Hugo Awards Extravaganza 2018 – Short Story

Hugo short stories can be surprisingly long (7500 words or less).  I tend to prefer the vignette, but regardless of length, I want a self contained story that hits its mark.

Note: it’s hard to discuss a short story without spoilers, so if you don’t want to be spoiled, skip to my rankings and general comments.

Carnival Nine by Caroline Yoachim

In a world of wind up dolls, a mother’s love is measured in turns of her spring.

There is a long history of using metaphors to comment on real world issues, and some metaphors are universal enough that over time, the issue they speak to changes.1  Carnival nine takes the opposite tack, focusing like a laser on the sacrifices involved in caring for a disabled child through its central conceit.  With such a delicate subject, Yoachim avoids making the story feel emotionally manipulative though an aggressively dispassionate tone, and manages to establish the premise without getting bogged down in exposition or unnecessary explanation.  Ultimately though, while I found the story moving, the total lack of subtext ultimately limited its appeal.

A solid and moving story in a well realised world that is just a little too on the nose.

Clearly Lettered in a Mostly Steady Hand by Fran Wilde

Those who enter this museum of oddities may not feel the same when they leave…

While initially feeling like a weirdness for weirdness’ sake experience, Clearly Lettered has metaphorical fish to fry.  Unfortunately it satisfied neither master; not weird enough to feel truly striking, nor providing any new perspective on its core conceit.  Last year I thought Wilde’s novelette entry was fantasy comfort food that was just a bit better than it needed to be, and while the skill in writing is still there, this one just didn’t find its mark with me.

A carnival of the odd that isn’t odd enough.

Fandom for Robots by Vina Jie-Min Prasad

A robot discovers the joys of anime slashfic.

My description of this story is completely accurate, and depressingly reductive.  Tales of robots discovering some aspect of human interaction that gives them meaning is some of the most well trod ground in science fiction.  To move the needle, the execution needs to be exceptional, and here it is.  If Fandom for Robots had nothing more to offer than a Lost in Space/Forbidden Planet style robot two finger typing emails by holding two styluses I would have loved it.  Instead this is a story of the transformative power of engaging in fandom and the importance of including different voices within it, albeit one with an inadvertently humorous protagonist.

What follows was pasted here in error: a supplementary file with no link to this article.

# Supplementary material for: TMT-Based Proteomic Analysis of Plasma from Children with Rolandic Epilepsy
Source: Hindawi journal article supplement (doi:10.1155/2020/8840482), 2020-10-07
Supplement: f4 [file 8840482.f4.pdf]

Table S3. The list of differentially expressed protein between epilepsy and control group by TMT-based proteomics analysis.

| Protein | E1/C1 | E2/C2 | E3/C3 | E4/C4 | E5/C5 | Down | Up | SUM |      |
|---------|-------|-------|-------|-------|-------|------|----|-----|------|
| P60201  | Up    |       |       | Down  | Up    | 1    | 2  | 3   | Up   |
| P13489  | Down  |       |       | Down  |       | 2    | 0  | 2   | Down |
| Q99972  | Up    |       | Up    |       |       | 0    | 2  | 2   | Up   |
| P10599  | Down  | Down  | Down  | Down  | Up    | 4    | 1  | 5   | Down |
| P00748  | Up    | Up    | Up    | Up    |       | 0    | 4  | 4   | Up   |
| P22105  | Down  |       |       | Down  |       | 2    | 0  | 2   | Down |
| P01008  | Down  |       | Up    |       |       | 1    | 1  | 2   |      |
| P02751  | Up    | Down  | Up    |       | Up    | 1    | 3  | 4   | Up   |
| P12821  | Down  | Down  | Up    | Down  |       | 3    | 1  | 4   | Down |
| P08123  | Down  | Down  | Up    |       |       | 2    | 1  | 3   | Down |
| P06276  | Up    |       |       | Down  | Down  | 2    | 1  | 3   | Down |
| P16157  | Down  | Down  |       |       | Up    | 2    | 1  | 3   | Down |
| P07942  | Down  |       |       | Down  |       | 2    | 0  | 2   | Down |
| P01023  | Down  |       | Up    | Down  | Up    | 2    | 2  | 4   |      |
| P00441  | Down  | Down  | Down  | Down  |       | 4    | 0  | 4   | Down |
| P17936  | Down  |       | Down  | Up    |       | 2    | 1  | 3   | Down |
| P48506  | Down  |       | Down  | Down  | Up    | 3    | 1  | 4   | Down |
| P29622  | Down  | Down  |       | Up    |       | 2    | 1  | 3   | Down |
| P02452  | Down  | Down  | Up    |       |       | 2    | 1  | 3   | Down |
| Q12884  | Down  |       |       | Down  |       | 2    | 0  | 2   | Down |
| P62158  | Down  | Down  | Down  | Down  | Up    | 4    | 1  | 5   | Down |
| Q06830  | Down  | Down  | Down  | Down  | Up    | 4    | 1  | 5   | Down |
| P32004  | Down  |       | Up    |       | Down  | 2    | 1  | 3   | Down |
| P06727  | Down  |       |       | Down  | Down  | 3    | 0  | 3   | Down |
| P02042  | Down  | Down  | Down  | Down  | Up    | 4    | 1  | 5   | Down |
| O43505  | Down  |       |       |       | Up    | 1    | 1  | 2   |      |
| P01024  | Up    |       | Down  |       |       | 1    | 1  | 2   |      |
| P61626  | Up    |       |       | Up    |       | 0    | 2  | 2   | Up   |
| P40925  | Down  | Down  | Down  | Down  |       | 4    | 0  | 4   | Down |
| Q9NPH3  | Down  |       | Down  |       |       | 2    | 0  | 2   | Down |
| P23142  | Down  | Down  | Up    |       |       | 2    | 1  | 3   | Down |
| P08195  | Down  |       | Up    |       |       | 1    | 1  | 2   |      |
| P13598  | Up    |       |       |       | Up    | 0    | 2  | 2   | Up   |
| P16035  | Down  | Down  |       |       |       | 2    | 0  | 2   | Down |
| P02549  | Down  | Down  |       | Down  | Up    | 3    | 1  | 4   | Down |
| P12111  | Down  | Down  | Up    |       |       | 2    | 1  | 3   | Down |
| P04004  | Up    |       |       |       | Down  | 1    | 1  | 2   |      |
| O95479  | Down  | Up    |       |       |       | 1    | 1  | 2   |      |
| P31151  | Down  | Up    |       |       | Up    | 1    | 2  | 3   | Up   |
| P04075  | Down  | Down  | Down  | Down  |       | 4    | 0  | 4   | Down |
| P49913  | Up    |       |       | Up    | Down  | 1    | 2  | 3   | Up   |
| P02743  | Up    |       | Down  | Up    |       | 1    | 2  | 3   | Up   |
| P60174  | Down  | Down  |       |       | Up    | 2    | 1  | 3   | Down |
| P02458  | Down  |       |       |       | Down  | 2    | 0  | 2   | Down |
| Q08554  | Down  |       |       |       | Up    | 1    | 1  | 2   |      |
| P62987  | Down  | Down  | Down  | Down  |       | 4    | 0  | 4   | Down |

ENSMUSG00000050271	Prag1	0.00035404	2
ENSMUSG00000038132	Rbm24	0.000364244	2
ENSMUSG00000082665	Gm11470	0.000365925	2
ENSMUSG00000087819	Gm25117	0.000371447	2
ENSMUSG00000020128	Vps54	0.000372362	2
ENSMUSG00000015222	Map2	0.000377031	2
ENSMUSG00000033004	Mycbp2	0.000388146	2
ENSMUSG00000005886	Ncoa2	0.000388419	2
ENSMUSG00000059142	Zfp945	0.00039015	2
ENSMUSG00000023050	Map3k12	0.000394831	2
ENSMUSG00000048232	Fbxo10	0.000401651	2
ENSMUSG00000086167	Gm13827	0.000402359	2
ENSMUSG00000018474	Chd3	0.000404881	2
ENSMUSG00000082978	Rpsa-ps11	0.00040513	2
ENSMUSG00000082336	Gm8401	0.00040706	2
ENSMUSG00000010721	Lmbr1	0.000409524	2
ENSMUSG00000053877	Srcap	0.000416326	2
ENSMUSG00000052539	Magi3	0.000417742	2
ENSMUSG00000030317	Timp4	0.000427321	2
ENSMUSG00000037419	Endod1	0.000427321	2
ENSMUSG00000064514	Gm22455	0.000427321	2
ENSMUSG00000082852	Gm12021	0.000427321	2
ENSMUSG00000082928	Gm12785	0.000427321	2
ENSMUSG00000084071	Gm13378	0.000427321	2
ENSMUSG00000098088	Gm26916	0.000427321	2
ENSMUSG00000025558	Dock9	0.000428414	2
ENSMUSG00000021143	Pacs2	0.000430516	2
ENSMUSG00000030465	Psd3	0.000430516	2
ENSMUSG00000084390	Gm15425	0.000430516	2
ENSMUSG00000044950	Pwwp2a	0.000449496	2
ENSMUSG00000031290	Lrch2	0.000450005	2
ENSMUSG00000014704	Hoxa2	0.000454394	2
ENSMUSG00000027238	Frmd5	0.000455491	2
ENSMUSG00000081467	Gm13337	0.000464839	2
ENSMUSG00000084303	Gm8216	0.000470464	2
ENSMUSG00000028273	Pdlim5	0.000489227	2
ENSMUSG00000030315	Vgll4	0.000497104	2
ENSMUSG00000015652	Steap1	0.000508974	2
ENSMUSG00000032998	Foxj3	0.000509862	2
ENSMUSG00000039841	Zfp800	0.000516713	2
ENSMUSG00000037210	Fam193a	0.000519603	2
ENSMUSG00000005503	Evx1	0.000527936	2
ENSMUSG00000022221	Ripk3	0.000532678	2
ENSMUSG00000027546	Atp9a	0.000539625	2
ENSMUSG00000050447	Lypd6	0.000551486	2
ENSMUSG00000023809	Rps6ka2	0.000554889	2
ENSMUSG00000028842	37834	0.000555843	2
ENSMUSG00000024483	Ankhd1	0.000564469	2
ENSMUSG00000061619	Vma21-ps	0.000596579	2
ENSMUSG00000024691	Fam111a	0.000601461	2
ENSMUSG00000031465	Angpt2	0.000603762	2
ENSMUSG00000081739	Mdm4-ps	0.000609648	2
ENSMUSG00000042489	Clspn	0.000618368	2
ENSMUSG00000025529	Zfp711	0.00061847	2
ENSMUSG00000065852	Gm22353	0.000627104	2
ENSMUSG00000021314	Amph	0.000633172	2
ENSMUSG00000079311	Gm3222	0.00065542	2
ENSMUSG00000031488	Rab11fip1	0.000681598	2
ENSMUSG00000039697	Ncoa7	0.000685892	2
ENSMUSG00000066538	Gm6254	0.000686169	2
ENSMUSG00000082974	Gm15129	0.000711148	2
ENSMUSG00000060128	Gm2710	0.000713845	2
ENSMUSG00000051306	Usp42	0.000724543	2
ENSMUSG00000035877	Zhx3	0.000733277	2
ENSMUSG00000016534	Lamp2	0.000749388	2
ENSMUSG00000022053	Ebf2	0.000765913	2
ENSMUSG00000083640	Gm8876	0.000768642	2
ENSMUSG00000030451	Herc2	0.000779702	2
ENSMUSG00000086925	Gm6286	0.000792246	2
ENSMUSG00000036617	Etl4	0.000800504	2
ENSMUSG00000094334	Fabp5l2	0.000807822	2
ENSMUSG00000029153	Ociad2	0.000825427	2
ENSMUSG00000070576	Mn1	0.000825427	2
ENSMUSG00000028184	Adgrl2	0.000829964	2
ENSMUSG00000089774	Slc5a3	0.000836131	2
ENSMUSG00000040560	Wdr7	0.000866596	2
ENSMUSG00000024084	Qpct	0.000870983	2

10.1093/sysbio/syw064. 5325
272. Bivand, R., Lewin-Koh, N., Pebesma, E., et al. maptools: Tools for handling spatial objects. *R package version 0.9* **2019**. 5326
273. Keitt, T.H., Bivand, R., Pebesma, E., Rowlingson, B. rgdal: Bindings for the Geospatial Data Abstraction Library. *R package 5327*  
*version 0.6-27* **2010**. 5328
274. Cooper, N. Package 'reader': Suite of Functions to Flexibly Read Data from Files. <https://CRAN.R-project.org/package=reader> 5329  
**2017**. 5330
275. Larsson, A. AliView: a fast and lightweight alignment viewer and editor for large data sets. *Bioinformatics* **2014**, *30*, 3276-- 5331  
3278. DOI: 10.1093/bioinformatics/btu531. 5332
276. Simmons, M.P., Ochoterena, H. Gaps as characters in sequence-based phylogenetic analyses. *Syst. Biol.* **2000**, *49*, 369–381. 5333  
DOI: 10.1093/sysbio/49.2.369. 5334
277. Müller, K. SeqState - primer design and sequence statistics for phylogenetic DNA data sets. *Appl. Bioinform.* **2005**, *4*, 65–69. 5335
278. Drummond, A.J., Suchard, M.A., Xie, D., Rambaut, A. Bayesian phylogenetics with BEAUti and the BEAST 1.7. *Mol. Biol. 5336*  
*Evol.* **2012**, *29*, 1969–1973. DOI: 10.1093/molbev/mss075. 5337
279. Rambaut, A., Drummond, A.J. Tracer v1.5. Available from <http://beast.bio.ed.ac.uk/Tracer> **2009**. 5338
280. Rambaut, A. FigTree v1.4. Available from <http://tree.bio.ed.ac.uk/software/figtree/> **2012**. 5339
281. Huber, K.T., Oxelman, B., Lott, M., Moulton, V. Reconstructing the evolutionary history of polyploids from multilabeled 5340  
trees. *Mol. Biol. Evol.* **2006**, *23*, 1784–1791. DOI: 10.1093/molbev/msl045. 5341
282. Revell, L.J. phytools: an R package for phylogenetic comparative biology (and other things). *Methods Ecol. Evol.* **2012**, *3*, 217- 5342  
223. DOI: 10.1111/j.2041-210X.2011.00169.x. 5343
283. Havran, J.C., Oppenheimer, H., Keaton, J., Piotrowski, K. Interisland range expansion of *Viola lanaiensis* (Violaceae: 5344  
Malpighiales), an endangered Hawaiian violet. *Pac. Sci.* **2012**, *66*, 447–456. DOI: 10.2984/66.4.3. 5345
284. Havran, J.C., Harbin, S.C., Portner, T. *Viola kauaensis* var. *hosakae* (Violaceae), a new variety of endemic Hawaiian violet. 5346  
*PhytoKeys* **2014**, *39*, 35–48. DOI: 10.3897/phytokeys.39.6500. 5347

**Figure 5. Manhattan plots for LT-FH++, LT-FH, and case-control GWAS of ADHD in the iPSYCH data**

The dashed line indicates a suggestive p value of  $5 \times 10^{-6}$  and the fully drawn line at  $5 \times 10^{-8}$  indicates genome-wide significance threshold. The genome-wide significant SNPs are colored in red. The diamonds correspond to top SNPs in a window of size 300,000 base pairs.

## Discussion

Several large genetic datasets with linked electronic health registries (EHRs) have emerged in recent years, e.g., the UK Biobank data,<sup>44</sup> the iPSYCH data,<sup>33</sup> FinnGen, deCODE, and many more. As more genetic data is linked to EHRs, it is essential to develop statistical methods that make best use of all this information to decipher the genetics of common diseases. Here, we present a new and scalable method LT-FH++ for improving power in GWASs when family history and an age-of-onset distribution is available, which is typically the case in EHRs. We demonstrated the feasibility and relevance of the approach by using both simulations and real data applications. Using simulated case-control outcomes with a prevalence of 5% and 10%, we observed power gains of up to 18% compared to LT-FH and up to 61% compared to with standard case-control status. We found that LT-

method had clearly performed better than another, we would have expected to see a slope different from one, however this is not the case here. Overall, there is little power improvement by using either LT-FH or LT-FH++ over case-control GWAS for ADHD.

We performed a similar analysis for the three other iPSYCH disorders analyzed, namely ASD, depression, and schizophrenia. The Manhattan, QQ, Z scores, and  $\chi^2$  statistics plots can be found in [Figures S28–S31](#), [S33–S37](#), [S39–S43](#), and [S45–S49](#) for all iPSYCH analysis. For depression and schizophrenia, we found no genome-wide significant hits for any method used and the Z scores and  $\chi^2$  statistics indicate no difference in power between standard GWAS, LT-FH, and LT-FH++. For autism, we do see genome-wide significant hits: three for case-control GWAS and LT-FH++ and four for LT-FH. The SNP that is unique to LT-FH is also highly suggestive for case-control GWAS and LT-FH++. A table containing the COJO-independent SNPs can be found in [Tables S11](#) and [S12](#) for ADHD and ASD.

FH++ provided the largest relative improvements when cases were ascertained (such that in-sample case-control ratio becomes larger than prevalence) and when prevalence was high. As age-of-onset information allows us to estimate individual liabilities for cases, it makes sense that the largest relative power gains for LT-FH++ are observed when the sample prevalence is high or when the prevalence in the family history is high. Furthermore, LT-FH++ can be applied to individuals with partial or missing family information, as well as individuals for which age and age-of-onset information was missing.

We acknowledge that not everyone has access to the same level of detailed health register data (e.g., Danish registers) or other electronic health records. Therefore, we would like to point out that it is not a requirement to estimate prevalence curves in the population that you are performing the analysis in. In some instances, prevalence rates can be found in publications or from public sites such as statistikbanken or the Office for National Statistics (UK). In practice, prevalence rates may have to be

Don’t let the subject matter prevent you from reading this gem.

The Martian Obelisk by Linda Nagata

If it’s the end of the world, you may as well build a giant martian obelisk…

The shorter the work, the more you have to trust your audience.  The Martian Obelisk opens with an expository dump and finishes with a statement of the themes and moral of the story, and this lack of respect from the author completely sapped the goodwill I would otherwise have had for the story.  2

A worn trope depressed further by a lack of respect for the audience.

Sun, Moon, Dust by Ursula Vernon

A farmer inherits a magic sword that leads him to his destiny.

From Arthur to Link, many of the great fantasy adventures start with a hero finding their sword.  Vernon therefore addresses the most important question in the genre; what happens to the hero that is happy with no obvious enemies to fight?  Obviously this  is a subversion of the genre, but what makes it work is how straight it is played, and how natural the dialogue feels between a farmer and the barbarian spirits inhabiting his magic sword.3  Just a delight.

Strong subversion of a common fantasy trope.

Welcome to your Authentic Indian Experience™ by Rebecca Roanhorse

A real American Indian gives fake American Indian experiences in VR.

This is a short story that felt long, and for the first third of its length I was reasonably sure it would be my least favourite of the offerings, as I felt it was just a little too didactic.  But there is a method to this story, and as the “Authentic Indian Experience” transforms into the Authentic Indian Experience, the end more than redeemed the beginning.  I just wish it had been a little tighter.

Worth toughing out a rough start to get to the Authentic Experience.

Hugo Ballot

  1. Fandom for Robots
  2. Sun, Moon, Dust
  3. Carnival Nine
  4. Welcome to your Authentic Indian Experience
  5. Clearly Lettered in a Most Steady Hand
  6. The Martian Obelisk

To be honest, I’m a little disappointed in this year’s short story entrants.  Having said that, either of the first two stories would make great winners, the next pair were good but flawed, and the final two were not bad so much as mediocre.

  1. Mutants, zombies etc…
  2. Though, making the obelisk white was also a pretty big strike against it.
  3. And building on last year’s Tomato Thief, Vernon shows herself to be the master of fantasy women of a certain age.

3 thoughts on “Hugo Awards Extravaganza 2018 – Short Story

    1. More than OK, though I’m not sure whether to be cheered or depressed that I conform so clearly with the blogosphere.

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